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M'hic'h gave a cubic yard of ballast, bold precisely the same ballast with the addition
one-sixth in bulk of ground stone lime made with it into concrete, besides about fourteen
pails of water
and likewise tended to disprove the assertion that concrete swells in
setting. This cubic yard of concrete weighed 27 cwt. In estimating, allowance must be
made for the loss of material.
lS62a. Expansion taki-ng place in concrete made of nnground lime, during its slaking,
has been taken advantage of by G. L. Taylor in the underpinning of some walls at
Chatham, as detailed in the Transactions of the Institute of British Architects, 1835.
This expansion has been found to average about
of an inch for each foot in height, and
the size thus gained the c jncrete never loses. Care must be taken when using it for floors
and for the spandrel of arches, to allow sufficient space, and to lay it in such a way that
this increase may take place without thrusting out the walls, as has occasionally happened.
In old malthouses in the West of England, with concrete floors 5 to 6 inches thick,
fitone walls 2 feet 6 inches to 3 feet thick have bulged out 3 or 4 inches on each side by
the expansi n of the concrete, as also noticed in the Transactions of the above named
society, 1854, p.
74. AVhen ground lime is used the assertion that concrete swells is very
questionable, as s'ated in the previous paragraph. The Metropolitan Board of Works,
under the Met. Man. and Building Acts Amend. Act, 1878, sec. 16, requires the cement
to be Portland cement, or other cement of equ il quality, mixed with clean sharp sand
or grit in the proportions of one of cement to four of sand or grit." Concrete
for u-alis
to be
of Portland cement and of clean Thames or pit ballast, or gravel, or broken
brick or stone, or furnace clinkers, with clean sand in the following proportions : viz.,
4 of Portland cement, 2 of clean sand, and 3 of the coarse material, which is to be
broken up sufficiently small to pass through a 2-inch ring. The proportions of the
materials to be strictly observed, and to be ascertained by careful admeasurement; and
the mixing, either by machine or hand, to be most carefully done with clean water, and
if mixed by hand, the material to be turned over dry before the water is added."
18626. For water works required to set rapidly, an excellent concrete may be made by
a mixture, the proportions of which were found
Treussart as follows:
30 parts of
hydraulic lime, very energetic, measured in bulk, and before being slaked
30 parts of
terras of Andernach
30 parts of sand; 20 parts of gravel; and 40 parts of broken
fetone, a hard limestone. These proportions diminish one-fifth in volume after manipula-
the mortar is made first. When the Italian puzzuolana is used, the proportions
f-hould be 33 parts of lime as before; 45 parts of puzzuolana; 22 parts of sand; and
CO parts of broken stone and gravel. The first of these concretes should be employed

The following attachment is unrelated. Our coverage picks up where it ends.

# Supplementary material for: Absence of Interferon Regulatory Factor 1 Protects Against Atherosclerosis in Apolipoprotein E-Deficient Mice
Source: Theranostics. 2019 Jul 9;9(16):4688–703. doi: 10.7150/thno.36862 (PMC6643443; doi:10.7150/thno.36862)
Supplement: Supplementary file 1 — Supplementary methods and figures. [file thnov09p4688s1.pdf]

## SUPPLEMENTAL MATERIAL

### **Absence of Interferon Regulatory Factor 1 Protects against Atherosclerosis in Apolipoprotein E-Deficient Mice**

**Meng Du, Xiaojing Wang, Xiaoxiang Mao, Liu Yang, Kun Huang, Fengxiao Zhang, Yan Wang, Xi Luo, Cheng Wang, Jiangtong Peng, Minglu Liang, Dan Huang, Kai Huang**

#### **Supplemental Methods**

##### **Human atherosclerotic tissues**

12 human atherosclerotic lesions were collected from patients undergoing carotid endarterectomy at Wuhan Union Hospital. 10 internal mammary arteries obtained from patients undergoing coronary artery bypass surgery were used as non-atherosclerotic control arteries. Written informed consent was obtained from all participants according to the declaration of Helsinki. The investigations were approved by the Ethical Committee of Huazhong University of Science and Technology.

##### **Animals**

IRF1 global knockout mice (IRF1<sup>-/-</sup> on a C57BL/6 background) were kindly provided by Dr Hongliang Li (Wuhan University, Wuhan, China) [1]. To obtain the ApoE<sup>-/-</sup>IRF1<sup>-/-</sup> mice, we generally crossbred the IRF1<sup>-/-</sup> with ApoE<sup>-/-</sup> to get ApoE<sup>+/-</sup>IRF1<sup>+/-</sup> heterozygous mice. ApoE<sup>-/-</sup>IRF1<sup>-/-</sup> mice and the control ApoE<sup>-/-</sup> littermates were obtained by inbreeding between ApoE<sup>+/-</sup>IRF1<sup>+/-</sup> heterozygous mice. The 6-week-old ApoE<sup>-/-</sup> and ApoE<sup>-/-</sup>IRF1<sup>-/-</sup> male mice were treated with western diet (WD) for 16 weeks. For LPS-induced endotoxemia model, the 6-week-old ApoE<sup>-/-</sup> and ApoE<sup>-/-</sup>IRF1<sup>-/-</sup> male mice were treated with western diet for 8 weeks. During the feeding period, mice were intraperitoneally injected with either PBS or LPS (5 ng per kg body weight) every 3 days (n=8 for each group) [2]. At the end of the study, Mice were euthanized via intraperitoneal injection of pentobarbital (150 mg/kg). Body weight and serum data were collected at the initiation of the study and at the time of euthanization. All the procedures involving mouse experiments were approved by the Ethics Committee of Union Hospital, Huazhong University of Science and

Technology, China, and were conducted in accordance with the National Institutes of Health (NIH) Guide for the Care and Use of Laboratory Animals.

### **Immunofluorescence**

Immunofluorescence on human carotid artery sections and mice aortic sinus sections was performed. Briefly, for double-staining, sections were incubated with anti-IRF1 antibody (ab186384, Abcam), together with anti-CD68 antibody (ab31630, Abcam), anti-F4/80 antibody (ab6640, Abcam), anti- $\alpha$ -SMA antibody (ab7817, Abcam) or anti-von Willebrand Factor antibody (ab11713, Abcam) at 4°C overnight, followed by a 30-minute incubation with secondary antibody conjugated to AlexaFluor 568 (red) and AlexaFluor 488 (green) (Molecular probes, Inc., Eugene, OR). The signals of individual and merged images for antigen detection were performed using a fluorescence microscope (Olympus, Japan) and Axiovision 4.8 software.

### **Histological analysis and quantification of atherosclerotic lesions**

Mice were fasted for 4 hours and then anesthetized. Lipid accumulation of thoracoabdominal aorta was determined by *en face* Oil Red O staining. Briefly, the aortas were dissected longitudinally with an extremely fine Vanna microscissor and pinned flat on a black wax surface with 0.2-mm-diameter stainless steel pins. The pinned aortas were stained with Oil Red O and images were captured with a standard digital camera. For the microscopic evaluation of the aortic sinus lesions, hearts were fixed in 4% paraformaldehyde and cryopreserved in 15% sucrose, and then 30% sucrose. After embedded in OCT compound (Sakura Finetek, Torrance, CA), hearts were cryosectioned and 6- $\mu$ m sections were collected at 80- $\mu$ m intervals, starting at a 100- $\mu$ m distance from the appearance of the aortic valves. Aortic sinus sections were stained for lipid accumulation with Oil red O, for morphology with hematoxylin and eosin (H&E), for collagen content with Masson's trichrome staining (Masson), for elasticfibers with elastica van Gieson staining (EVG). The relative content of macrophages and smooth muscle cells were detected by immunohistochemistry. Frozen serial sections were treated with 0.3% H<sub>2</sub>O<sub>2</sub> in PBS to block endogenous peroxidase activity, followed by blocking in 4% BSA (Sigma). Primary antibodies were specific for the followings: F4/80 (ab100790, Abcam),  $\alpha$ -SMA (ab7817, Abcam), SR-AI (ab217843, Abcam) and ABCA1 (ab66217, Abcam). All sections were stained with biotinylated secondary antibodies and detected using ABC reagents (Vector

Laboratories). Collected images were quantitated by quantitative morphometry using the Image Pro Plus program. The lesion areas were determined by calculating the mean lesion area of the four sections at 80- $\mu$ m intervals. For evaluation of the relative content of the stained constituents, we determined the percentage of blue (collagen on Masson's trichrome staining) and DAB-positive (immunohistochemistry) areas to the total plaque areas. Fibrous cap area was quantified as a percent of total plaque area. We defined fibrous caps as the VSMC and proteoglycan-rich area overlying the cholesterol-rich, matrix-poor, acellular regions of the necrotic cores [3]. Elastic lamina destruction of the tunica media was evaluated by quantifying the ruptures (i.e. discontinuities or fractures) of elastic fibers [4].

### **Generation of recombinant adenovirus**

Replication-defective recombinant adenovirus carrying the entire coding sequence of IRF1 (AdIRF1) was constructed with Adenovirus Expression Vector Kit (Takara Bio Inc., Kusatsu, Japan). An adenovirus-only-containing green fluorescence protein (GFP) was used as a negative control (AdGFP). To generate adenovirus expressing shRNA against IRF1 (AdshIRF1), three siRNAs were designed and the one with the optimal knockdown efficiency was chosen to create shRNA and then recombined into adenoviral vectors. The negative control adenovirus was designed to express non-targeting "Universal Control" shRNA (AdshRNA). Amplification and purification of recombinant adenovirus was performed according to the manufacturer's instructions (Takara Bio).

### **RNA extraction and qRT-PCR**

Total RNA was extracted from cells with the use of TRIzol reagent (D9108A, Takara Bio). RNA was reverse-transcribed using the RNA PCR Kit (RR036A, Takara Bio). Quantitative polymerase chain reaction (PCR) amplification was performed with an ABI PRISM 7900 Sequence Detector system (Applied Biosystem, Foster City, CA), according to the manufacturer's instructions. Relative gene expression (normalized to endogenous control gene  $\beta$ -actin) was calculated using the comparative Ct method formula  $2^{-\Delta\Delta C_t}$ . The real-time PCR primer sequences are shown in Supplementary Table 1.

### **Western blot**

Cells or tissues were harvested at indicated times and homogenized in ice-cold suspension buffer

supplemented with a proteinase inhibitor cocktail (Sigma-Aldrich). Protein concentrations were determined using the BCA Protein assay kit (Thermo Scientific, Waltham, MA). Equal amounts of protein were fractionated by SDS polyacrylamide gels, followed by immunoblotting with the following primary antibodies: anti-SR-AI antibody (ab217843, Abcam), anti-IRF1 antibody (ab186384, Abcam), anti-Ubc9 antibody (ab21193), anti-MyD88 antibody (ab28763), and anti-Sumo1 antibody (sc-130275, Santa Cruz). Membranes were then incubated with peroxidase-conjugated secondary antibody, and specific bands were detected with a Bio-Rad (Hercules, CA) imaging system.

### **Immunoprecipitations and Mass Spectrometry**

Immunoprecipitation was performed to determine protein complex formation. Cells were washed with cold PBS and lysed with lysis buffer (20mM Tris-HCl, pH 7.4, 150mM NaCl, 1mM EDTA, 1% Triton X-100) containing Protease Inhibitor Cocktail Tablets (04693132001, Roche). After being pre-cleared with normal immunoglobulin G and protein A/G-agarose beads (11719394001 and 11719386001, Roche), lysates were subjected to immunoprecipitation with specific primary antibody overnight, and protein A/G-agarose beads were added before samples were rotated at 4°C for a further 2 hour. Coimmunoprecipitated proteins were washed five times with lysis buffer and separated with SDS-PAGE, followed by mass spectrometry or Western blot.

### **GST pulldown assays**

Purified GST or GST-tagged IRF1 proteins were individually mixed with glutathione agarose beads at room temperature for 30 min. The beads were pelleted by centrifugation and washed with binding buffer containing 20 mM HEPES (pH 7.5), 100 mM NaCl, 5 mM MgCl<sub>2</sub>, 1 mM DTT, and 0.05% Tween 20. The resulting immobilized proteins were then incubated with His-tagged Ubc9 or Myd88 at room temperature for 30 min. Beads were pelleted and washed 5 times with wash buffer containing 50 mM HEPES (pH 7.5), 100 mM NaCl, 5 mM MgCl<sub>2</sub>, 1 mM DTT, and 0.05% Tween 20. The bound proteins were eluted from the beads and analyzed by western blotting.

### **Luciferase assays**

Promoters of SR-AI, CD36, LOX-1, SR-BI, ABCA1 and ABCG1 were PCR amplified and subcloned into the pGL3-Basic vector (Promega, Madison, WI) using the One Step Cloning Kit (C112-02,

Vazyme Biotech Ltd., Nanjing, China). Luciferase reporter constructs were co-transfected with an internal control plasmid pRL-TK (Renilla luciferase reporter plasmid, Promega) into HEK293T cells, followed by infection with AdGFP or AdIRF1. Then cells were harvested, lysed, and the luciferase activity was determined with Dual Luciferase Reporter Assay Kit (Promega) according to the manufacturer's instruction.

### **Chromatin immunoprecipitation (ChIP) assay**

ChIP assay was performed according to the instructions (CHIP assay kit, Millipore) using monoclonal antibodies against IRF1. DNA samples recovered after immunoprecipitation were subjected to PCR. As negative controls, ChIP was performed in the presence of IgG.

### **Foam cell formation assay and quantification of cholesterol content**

immediately it is made
the second requires to be exposed about twelve hours before it
it is put in place. When burnt clay or pounded bricks are used, 30 parts will suffice, but
this mortar must not be used in sea water. If only rich, instead of hydraulic, limos be
used, the quantity of the natural or artificial puzzuolanas must be increased, and that of
the stones and gravel be decreased. (Burn'dl, Limes, ^r.) See par. 1864e.
1862c. Afier many experiments, M. Kuhlmann recommends a cement composed of 30
parts of rich lime, 50 of sand, 15 of uncalcined clay, and 5 of powdered silicate of potash,
as having all the requisite hydraulic properties, especially for cisterns intended for spring
water. In marine constiuctions care should be taken to add an excess of silicate to those
irtions of cenieiit which are exposed to the immediate contact of the sea.
1862c?. The object to be aimed at in making hydraulic concrete, is to give such a suffi-
ciency of mortar as will produce the aggregation of the whole mass of rough rubble
materials. In Portland cement concrete, for instance, the proportions for the mortar may
be 1 of cement to 3 of sand, and this mortar may then be mixed with 6 parts of ballast
or shingle. In blue lias lime concrete, the proportions may be 1 of unground lime to
2 or '2\ of sand, and this mortar may be mixed with 3 or 4 parts of ballast ; and it must
be understood in all cases that the mortar must be made first, and that it then should be
thoroughly incorporated witli the ballast or shingle. This concrete as used at the recent
extension of the London Docks by Mr. litndd, consisted of 1 part of blue lias lime with
6 parts of gravel and sand. The proportions for the blocks of the mole at Marseilles
were 3 parts of Theil lime to 5 parts of sand mixed up into mortar, and then added to
2 parts of broken stone. At the Metropolitan Main Drainage works, the proportion of
1 of Portland cement to
of ballast for sewers, and 1 of cement to 8 of ballast and
sand for backing walls and other works except sewers. The usual proportions are 1 to 6.
A report was delivered to the Aberdeen Harbour Board on the damage caused by the
chemical action of the sea-water on the (Portland?) Concrete entrance works of the
graving dock. 1 he surface had softened from the foundation up to the bottom of the
ashlar lining, three feet above low water. The concrete behind four courses of the
ashlar, between high and low water, Mas also softened, loosf^ning the bond. The softened
concrete under the water had been removed, and the face of the wall rebuilt up to low-
water level with Roman cement concrete in bags plastered with Roman cement. The
pressure on the foundations amounts at low water to 5 lbs. on the square inch of surface,
and at high water to 11 lbs.; this cautel a current of sea-water through the